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Spring 1916, and three great armies - French, British and, on the other side of the wire, German - are locked in a stalemate of mud and blood on Europe's Western Front. On the ground, young British soldiers lose their innocence in the hell that is No Man's Land, while in the skies above the trenches a new breed of warrior, armed with a devastating new weapon, comes of age. As the conflict stretches into its third year, a neutral but woefully unprepared and ill-equipped America is slowly goaded into war. It falls to General John Pershing to galvanise his country's army into readiness and as the first American troops reach the front in 1917, the world waits to see if the tide of a war that has already cost millions of lives can at last be turned. Combining an historian's eye for detail with a novelist's understanding of man's hopes and fears, Shaara carries the reader into the hearts and minds of some of the war's most memorable characters, from the heroic to the infamous, and vividly brings to life one of the greatest conflagrations in human history.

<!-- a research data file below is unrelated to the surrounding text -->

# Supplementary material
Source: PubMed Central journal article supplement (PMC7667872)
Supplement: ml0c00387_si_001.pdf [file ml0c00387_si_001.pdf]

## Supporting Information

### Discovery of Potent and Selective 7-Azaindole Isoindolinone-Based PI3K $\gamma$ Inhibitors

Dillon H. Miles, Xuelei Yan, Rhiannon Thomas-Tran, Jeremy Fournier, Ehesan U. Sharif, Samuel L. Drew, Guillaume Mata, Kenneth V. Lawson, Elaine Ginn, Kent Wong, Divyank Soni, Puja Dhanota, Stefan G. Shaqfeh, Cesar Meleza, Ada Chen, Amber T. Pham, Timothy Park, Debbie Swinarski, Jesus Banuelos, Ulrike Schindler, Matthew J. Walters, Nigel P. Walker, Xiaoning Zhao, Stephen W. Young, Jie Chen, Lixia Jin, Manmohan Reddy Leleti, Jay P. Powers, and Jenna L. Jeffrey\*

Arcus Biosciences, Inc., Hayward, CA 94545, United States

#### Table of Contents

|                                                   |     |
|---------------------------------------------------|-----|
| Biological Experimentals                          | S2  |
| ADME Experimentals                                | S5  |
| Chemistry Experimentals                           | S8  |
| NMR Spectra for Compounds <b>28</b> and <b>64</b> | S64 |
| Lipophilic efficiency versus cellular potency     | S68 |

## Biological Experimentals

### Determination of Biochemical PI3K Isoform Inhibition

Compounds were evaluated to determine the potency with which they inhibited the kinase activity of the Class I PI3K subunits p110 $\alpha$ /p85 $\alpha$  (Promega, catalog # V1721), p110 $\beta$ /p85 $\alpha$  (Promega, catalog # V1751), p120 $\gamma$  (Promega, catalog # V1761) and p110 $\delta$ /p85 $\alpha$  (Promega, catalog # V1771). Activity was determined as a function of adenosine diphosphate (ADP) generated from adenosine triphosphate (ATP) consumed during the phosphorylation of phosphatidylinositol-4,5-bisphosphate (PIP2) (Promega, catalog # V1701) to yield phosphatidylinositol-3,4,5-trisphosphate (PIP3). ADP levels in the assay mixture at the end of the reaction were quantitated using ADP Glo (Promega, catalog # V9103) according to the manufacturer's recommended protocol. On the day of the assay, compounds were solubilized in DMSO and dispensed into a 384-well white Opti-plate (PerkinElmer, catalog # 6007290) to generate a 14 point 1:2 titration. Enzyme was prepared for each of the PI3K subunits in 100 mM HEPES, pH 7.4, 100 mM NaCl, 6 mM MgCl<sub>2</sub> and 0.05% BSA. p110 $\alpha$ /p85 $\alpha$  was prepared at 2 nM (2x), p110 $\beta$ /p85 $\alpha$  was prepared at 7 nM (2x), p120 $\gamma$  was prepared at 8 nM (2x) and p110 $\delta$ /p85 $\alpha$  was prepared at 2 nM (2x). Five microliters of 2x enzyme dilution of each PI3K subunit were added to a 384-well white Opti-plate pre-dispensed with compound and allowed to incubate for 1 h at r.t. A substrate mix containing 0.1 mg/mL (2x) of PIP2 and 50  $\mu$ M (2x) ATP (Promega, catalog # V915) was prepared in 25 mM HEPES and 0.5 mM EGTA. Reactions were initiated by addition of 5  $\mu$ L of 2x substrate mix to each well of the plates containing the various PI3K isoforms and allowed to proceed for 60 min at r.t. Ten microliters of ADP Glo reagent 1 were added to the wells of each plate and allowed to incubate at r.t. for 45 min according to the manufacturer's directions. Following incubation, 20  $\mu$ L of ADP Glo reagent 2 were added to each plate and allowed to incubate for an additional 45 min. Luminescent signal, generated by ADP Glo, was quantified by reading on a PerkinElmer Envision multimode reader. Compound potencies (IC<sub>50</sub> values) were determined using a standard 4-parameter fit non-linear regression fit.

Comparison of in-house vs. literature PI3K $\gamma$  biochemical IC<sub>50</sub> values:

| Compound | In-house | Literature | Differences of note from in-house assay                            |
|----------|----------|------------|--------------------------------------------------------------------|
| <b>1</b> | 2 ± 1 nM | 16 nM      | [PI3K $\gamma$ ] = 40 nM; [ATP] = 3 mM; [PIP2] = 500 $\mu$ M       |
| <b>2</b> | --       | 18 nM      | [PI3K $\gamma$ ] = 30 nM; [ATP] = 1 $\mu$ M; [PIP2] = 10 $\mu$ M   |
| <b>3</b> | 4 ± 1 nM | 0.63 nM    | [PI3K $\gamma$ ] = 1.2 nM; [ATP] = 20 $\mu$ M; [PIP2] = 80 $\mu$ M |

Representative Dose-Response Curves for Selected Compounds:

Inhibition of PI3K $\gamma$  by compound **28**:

This new edition of Southern Writers assumes its distinguished predecessor's place as the essential reference on literary artists of the American South. Broadly expanded and thoroughly revised, it boasts 604 entries-nearly double the earlier edition's-written by 264 scholars. For every figure major and minor, from the venerable and canonical to the fresh and innovative, a biographical sketch and chronological list of published works provide comprehensive, concise, up-to-date information. Here in one convenient source are the South's novelists and short story writers, poets and dramatists, memoirists and essayists, journalists, scholars, and biographers from the colonial period to the twenty-first century. What constitutes a "southern writer" is always a matter for debate. Editors Joseph M. Flora and Amber Vogel have used a generous definition that turns on having a significant connection to the region, in either a personal or literary sense. New to this volume are younger writers who have emerged in the quarter century since the dictionary's original publication, as well as older talents previously unknown or unacknowledged. For almost every writer found in the previous edition, a new biography has been commissioned. Drawn from the very best minds on southern literature and covering the full spectrum of its practitioners, Southern Writers is an indispensable reference book for anyone intrigued by the subject.